Editorial on temporary support for parents
It’s not surprising that negotiations between the provincial government and the B.C. Teacher’s Federation are ongoing and schools will remain closed for who knows how long.
What is surprising?
That the government decided to provide the primary caregivers and parents of students under the age of 12 years with $40 a day.
Those funds are supposed to help with daycare costs while the strike continues, but it seems to me that in a place like Fernie, where daycare spots are limited to begin with, the parents of hundreds of elementary and high school kids are going to be left with limited options to deal with this unfortunate situation.
Parents are scrambling to get their children into full time programs. Summer camps are finished and the cost of childcare is much higher than $40 a day, especially if you want to provide your child with tutoring.
The government has estimated that the program will cost the government around $12 million a day, money that should be going into solving the issues within the schooling system.
The students are really the ones suffering here.
Even if the $40 a day somehow paid to send a child to daycare, they won’t be receiving the same education and training they would be in school.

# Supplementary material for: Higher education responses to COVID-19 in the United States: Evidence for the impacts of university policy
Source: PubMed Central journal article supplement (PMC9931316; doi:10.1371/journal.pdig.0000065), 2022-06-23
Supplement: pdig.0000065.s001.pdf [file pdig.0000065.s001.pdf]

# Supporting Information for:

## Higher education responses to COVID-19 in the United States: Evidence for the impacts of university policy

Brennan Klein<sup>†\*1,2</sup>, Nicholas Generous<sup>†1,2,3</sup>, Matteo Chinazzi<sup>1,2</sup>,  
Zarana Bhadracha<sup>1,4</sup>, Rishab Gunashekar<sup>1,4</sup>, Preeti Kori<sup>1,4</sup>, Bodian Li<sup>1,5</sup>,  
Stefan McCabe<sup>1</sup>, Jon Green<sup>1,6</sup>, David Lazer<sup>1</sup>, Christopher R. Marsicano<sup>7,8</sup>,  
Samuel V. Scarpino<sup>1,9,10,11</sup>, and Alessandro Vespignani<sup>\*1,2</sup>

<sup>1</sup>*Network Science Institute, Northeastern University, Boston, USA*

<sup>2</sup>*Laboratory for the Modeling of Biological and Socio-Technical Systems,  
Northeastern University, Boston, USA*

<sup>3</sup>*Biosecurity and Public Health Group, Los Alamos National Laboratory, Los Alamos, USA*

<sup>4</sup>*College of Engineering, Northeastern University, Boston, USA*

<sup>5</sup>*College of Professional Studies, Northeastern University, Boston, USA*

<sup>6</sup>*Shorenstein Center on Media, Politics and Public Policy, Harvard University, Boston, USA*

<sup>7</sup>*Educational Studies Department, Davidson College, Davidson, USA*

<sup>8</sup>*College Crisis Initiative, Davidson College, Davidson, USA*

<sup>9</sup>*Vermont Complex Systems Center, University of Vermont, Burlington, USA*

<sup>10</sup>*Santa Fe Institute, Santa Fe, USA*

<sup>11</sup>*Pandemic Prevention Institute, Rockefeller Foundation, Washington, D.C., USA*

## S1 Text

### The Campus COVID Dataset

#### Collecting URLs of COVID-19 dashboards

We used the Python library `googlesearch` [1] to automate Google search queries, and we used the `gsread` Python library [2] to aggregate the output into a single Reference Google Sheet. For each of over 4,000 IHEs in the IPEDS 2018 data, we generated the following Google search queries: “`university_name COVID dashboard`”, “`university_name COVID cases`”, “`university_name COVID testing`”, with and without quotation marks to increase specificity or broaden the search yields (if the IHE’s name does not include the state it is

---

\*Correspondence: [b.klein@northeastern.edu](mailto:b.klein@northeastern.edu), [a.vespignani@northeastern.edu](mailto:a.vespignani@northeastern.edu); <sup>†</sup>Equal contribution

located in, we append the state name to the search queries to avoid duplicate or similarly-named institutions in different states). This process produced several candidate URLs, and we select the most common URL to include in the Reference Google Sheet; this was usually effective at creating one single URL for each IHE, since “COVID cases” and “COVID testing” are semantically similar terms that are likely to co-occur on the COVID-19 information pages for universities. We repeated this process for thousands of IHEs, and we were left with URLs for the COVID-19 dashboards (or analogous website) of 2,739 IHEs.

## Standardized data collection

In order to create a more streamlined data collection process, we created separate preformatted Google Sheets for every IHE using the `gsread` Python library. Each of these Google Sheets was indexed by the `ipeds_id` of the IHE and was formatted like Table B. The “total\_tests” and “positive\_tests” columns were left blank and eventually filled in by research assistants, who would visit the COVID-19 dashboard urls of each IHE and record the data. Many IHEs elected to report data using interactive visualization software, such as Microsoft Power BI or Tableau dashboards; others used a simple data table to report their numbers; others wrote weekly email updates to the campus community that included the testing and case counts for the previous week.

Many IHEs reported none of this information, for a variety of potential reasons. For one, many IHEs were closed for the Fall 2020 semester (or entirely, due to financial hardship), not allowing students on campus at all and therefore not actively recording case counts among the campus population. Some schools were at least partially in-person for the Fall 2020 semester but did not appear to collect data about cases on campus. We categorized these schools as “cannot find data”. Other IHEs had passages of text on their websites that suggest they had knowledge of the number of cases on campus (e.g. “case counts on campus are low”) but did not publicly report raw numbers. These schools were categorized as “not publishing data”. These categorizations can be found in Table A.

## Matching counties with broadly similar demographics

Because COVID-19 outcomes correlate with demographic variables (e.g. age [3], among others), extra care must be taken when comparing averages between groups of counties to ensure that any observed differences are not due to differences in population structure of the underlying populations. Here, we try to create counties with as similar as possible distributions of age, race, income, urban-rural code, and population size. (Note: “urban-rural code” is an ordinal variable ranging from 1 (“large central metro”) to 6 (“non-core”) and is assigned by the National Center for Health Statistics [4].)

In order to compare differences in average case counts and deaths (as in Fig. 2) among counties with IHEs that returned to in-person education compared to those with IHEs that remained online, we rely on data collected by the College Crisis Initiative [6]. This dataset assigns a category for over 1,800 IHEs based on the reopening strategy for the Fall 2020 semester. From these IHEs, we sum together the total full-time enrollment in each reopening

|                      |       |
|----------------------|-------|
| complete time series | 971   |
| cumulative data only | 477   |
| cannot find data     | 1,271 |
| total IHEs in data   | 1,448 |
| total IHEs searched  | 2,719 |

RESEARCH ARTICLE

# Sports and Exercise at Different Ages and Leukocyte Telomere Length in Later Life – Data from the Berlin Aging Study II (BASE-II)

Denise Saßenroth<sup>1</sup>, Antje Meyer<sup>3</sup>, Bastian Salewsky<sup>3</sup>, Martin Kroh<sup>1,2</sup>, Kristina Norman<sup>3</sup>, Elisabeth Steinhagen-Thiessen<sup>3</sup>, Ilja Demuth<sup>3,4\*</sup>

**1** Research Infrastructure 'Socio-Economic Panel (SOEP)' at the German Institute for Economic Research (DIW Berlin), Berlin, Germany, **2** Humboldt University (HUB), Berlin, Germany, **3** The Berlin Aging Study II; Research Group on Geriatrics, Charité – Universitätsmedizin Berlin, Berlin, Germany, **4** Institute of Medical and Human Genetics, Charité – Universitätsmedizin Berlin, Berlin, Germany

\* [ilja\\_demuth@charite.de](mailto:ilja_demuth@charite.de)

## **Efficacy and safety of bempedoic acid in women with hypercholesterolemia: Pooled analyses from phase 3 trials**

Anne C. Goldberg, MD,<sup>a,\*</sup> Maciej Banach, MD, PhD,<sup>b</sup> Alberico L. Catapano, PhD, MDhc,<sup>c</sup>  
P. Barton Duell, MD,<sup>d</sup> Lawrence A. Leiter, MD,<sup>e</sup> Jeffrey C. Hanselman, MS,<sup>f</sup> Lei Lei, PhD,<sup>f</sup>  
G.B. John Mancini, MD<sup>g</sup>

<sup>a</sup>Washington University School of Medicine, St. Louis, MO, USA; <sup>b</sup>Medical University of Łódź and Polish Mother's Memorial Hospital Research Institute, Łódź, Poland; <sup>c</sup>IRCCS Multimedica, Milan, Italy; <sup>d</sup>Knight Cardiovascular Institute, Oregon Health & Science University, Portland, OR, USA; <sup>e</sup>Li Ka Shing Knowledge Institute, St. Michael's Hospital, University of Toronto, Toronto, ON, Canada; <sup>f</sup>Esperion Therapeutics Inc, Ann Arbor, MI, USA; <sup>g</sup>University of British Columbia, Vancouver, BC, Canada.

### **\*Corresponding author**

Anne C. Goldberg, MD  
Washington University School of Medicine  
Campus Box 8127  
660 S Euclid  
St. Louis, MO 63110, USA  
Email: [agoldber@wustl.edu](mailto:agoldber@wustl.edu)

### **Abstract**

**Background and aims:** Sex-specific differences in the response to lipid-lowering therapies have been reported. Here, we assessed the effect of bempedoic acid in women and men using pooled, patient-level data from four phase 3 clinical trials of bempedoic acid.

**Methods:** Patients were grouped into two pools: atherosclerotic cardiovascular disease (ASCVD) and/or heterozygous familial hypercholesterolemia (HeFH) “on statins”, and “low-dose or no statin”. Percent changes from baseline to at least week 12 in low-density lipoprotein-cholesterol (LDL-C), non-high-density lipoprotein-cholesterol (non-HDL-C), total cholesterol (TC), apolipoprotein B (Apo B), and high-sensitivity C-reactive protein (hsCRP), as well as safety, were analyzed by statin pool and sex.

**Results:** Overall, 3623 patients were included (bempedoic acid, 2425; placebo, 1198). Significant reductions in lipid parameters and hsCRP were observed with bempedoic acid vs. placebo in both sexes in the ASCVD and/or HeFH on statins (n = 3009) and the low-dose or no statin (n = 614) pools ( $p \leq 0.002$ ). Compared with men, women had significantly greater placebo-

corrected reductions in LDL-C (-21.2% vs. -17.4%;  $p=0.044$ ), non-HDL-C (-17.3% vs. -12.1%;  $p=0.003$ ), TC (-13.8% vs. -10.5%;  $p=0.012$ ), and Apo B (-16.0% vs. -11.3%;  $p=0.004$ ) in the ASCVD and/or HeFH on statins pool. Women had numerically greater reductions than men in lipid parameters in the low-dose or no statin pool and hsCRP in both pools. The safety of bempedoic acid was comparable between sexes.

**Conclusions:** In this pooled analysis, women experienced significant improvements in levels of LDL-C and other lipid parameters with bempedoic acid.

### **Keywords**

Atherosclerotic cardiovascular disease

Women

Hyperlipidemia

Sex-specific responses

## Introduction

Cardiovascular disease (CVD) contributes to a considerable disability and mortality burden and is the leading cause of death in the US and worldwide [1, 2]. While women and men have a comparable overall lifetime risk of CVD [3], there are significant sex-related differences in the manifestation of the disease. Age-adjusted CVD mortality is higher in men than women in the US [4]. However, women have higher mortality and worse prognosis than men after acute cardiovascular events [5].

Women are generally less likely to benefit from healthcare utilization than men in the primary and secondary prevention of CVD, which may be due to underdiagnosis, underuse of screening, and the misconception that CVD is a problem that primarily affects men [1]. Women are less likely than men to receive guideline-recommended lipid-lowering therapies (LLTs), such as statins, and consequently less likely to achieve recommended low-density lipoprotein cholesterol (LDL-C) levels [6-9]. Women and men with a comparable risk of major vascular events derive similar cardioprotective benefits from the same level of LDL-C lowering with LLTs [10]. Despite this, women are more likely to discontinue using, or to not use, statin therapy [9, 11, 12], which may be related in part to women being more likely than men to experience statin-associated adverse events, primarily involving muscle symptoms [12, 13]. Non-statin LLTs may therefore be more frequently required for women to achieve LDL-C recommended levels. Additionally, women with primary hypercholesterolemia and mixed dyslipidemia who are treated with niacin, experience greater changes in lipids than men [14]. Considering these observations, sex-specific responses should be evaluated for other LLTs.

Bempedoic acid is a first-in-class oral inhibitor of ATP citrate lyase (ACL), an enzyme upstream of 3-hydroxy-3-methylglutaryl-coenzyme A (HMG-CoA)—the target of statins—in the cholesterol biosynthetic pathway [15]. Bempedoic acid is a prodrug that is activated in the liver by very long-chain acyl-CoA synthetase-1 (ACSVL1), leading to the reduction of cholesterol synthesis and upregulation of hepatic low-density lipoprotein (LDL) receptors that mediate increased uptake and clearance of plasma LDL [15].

These children need qualified and experienced teachers educating them properly, but instead they’re getting pushed around and spit out in a fight that isn’t theirs. And it’s a fight that’s length is undetermined.
According to veteran mediator Vince Ready, as of Saturday, neither party had made a compromise on debates regarding class composition, benefits, wages and term. Rumours are floating around that school may not start up again until October.
What are children going to do in the meantime? That’s a month of potential learning flushed down the drain. Will children have to make up for this lost time next summer?
When I was younger, living in Ontario, a similar situation arose where teachers were on strike. It was for a mere week or two, weeks that our babysitter took on the role of educator.
The problem? We [my brothers and I] didn’t respect her as an educator. Once you see someone solely as a caregiver, it’s hard to think of him or her in any other way.
Like I said before, B.C. children need to be taught at their grade level by a qualified, educated teacher, and $40 a day is not going to pay for anything comparable to the public schooling system.
To me, this response seems like a Band-Aid solution to a much bigger issue.